| comment (1) in Forest Finance & Economics, Forest Strategy, Timber Market Analysis, Timberlands

Forest Finance: Common Errors and Suggestions for Clean Analysis

This post includes topics addressed in the (virtual) Applied Forest Finance course on May 16th, 2023.

Investors and managers in the forest industry often make decisions with imperfect and incomplete information. Therefore, we benefit by having an approach for dealing with uncertainty and minimizing errors when analyzing timberland and forestry investments.

Common Errors when Analyzing Forestry Investments

To start, it helps to understand where errors occur when evaluating forestry investments. In practice, most errors relate to the data used (inputs) or the math in spreadsheets. These errors can pollute decisions because inputs affect estimated cash flows, which then impact valuations when discounted to the present in traditional discounted cash flow (DCF) work.

Generally, we observe three categories of errors in Excel models and spreadsheets.

  1. Analytic errors. Across the spreadsheet models we review, approximately one-third have an error in a formula (that we find). Often, these link with “relative” and “absolute” referencing, where a formula pulls in data from the wrong cell. Professor Ray Panko at the University of Hawaii, a spreadsheet expert, noted in a Wall Street Journal interview, that “you’re going to have undetected errors in about 1% of all spreadsheet formulas.”
  2. Application errors. For example, analysts can err by mixing real and nominal discount rates and cash flows, or inappropriately comparing before and after-tax results. Also, using the incorrect metric can be problematic, such as misapplying cash-on-cash return or internal rate of return (IRR).
  3. Errors of omission. Unfortunately, we find analysis often omits key facts, including relevant costs and potential revenues. Confirm that the assumed costs and revenues are current and reflect the best available, accessible information. In short, know what’s knowable.

Prioritize Clean and Orderly Data and Analysis

When screening and evaluating analysis, I start by confirming that what we have in hand is clean and accurate. Building a history of error-free, detail-oriented work builds trust and puts you in a better position to influence decisions and grow. For strategy and market projections, I prefer clean data and analysis over rushed, subjective intel. Ideally, we have both, but if given the choice, choose clean, with an “as of” date, over speculation on today’s unconfirmed costs or prices or market intel.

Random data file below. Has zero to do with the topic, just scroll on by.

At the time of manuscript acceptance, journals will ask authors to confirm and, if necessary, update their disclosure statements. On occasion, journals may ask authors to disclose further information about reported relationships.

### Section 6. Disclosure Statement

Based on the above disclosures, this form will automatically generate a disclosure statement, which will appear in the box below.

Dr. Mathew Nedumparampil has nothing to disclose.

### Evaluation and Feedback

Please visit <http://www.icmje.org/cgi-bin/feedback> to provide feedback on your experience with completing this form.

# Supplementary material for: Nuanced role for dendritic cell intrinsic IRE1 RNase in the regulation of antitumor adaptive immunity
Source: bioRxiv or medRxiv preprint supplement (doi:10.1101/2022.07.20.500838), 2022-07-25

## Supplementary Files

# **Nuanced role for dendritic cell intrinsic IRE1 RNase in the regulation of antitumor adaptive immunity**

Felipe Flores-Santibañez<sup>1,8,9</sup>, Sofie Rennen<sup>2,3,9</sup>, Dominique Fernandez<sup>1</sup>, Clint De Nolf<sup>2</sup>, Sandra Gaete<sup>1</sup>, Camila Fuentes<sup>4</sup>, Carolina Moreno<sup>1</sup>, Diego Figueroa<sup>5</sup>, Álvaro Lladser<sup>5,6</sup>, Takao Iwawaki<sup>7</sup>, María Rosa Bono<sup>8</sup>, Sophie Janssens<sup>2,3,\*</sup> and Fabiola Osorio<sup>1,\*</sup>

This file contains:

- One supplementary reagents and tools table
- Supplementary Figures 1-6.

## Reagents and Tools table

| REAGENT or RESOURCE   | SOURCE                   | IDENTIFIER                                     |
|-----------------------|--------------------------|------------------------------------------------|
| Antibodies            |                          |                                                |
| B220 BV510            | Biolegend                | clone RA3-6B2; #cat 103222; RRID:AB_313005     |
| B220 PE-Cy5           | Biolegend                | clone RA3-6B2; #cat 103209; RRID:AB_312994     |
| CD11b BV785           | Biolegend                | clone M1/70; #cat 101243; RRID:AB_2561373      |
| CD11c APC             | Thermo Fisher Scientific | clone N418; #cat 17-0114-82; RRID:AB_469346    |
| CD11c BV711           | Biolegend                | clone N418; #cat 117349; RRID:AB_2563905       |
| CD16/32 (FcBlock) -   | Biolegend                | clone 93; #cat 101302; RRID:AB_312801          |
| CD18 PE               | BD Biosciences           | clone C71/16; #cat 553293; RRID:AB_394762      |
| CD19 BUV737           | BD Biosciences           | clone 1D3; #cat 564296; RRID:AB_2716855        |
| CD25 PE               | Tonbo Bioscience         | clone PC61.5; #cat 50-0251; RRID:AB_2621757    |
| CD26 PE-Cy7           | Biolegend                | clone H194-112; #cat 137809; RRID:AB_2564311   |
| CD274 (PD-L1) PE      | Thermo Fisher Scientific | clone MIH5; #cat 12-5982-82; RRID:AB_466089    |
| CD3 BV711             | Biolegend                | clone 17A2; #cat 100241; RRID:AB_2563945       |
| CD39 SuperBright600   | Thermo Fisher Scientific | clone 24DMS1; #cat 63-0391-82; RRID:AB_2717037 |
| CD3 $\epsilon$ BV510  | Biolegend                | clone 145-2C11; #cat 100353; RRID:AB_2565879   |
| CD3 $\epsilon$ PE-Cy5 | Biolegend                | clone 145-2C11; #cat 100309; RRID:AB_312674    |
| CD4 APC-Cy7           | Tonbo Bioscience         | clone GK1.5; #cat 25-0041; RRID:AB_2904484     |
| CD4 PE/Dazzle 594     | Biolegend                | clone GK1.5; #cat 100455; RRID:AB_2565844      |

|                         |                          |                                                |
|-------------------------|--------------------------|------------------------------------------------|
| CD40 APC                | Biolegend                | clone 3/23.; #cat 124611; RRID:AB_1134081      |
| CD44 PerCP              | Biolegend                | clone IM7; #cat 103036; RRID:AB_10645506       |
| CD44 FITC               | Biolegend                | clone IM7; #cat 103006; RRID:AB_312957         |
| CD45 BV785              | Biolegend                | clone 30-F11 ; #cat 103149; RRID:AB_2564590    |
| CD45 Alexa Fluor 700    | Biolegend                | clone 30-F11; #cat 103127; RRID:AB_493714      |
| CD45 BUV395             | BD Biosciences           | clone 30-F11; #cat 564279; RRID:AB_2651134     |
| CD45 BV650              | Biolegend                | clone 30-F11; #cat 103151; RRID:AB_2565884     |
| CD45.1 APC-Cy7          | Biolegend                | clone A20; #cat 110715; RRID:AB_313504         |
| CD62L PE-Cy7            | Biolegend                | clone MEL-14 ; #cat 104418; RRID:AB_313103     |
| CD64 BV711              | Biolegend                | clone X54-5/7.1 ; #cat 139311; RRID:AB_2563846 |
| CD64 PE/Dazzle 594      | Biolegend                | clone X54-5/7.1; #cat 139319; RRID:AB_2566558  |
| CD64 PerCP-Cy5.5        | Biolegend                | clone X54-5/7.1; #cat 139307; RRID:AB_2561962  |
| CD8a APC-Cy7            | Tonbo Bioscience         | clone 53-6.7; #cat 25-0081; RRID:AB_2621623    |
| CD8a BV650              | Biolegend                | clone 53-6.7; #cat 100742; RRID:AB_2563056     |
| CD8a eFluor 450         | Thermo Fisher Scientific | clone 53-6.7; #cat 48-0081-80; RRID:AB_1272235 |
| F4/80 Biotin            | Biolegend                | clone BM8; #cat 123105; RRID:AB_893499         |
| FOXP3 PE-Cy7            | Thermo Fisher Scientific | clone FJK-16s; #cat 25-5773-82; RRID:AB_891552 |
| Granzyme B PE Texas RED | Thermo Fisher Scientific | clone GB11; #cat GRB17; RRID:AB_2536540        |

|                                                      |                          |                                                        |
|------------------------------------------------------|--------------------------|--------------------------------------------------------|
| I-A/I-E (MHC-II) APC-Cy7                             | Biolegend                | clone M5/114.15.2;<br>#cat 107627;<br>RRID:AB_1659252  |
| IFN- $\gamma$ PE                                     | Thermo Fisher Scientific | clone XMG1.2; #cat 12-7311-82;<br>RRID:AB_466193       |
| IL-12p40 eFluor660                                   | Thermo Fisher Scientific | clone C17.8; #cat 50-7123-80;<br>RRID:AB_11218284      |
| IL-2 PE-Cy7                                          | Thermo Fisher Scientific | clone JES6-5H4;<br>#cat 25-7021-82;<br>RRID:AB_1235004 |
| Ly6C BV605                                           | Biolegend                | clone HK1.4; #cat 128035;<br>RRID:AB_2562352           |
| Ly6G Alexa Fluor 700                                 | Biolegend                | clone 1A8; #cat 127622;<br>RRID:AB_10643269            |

I have written about the importance of “clean over current” elsewhere with respect to strategy and projections, and it’s how we report things at Forisk, since, like many analysts, we use government data and other sources that often lag actuals by months or quarters. If a report has multiple errors, then I doubt everything it contains. Errors inject doubt. If it’s clean but a little behind, we can still support investment decisions and assess performance.

Suggestions for Minimizing Errors

Our team observes several practices to minimize errors. For example, we label tabs and worksheets, and date all files. Then, when we revisit a model in the future, we can retrace our steps. In addition, if we correct an error or make an improvement, we know which version is the most current.

We also set aside time to check each other’s work before publishing or delivering results. Imposing and embracing milestones for deliverables or reviewing work throughout a project or research effort institutionalizes a level of quality control. In the end, some level of paranoia and self-awareness is required for quality analysis of forestry, or any other, investments.

Comments (1)

  1. Neil Campbell / Reply

    Interesting and agreeable thesis about “CLEAN DATA”. Expected Growth of the Timber Stands is one of the largest challenges to estimate. My experiences are predicated upon a family Timber operation begun in 1892; suffering forced tax sales in the middle 19teens. That experience caused my grandmother to begin uneven age management to be able to pay property taxes through a ready stumpage and the benefit of natural regeneration. Since 1952, timber’s total return delivered 12.0% to 14.0%. Not present is the inclusion of HBU & Pipeline & Utilities “sales” then there is hunting & O&G Exploration leases.

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